Current Immigration Policy

Today, France is home to over 5 million immigrants and the country is attempting to seek further ways to stem the flow of those seeking citizenship. President Nicolas Sarkozy is the head of France’s government, which has been described as “centre-right”  and it is up to him to determine the best way to do so. In response to concerns of numerous illegal immigrants still flowing into the country, President Sarkozy has implemented a deportation quota with hopes that 25,000 of them will be sent home this year.

Stricter immigration laws include passing a test to determine if the applicant can speak French and demonstrate knowledge of the language and customs. If the government is suspicious of someone seeking to enter to join their family, a DNA test – paid for by the applicant – may be ordered . Not only illegal immigrants are being targeted. Even those who are staying in the country legally are being encouraged to return to their homeland with France picking up the transportation bill.

Brice Hortefeux, the new immigration minister, came up with the plan which offers payment in the amount of €6,000 as an incentive to urge the immigrants to leave the country. In the two preceding years, a similar plan was put in place with the effect of 3,000 families taking the money and running home . Not everyone is content with this policy, however, citing that those who seek asylum are being detained at France’s borders in direct violation of human rights law instituted by the European Court of Human Rights in April.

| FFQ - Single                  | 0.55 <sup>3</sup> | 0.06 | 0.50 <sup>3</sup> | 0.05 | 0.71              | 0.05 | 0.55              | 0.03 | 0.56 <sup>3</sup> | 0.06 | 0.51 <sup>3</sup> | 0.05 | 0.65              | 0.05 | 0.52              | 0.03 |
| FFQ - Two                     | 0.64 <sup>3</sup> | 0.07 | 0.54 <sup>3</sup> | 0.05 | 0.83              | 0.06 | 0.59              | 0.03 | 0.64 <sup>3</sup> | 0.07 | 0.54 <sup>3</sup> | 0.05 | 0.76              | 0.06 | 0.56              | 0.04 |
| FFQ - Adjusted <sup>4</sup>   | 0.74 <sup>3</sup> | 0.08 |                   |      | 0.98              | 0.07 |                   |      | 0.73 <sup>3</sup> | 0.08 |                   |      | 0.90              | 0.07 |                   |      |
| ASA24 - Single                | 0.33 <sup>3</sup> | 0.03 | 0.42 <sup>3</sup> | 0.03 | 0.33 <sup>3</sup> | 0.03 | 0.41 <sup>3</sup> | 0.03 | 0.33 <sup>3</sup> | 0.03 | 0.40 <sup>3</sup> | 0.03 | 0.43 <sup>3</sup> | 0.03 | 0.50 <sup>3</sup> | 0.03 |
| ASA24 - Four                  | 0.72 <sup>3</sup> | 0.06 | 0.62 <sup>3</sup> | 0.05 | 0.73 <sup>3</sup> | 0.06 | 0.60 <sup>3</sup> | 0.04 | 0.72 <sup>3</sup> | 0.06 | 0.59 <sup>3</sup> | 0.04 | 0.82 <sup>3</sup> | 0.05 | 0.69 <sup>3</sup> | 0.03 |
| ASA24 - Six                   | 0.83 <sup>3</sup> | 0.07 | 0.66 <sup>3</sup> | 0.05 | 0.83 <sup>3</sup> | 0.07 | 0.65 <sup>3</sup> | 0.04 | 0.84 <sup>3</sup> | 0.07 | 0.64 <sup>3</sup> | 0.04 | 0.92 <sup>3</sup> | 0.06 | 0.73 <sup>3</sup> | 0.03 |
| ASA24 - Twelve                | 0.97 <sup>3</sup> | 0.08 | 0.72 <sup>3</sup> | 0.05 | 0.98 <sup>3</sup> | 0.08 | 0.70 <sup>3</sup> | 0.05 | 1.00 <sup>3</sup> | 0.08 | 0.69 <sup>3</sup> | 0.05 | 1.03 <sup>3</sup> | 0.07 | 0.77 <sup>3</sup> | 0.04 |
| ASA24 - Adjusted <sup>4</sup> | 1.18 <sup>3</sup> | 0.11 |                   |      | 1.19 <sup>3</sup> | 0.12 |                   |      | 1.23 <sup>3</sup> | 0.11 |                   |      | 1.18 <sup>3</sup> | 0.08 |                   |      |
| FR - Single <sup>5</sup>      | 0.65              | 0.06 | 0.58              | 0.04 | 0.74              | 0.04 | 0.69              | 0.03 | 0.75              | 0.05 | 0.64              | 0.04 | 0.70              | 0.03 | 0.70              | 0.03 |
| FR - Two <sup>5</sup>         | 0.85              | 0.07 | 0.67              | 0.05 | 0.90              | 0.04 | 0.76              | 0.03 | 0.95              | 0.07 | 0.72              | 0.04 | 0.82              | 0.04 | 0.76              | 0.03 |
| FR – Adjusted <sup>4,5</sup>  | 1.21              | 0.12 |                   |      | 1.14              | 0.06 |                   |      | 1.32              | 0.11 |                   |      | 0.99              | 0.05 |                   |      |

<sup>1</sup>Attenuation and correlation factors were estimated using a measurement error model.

According to Holly Cartner of the Europe and Central Asia director at Human Rights Watch, “Both the UN and the European Court have sent a clear message that France’s safeguards aren’t up to scratch. The best way to protect people against unsafe returns is to let them stay in France until their claims have been fully examined” . Unfortunately, this does not agree with France’s current immigration policy.

Future of the Country “Targeted immigration” is the goal sought by France and its governmental departments, in which only those immigrants who would bring some advantage to the country will be allowed in. “Co-development” is the term being applied to France’s policy current policy whereby immigrants in the country are allowed to be involved in development of their homeland in the hopes that they will eventually return .

Other European states are taking an interest in this type of immigration policy, recognizing that negative population growth is a serious issue which will prevent most from ever being able to strictly abolish entry to immigrants. Co-development is being seen as a way to share an economic boon among countries. As Brigitte Girardin claims, “According to the World Bank, the contribution of migrants to global income will be close to $800 billion in 2025. It is in all our interests not passively to accept migration, but to take concerted action so that it contributes to global well-being” .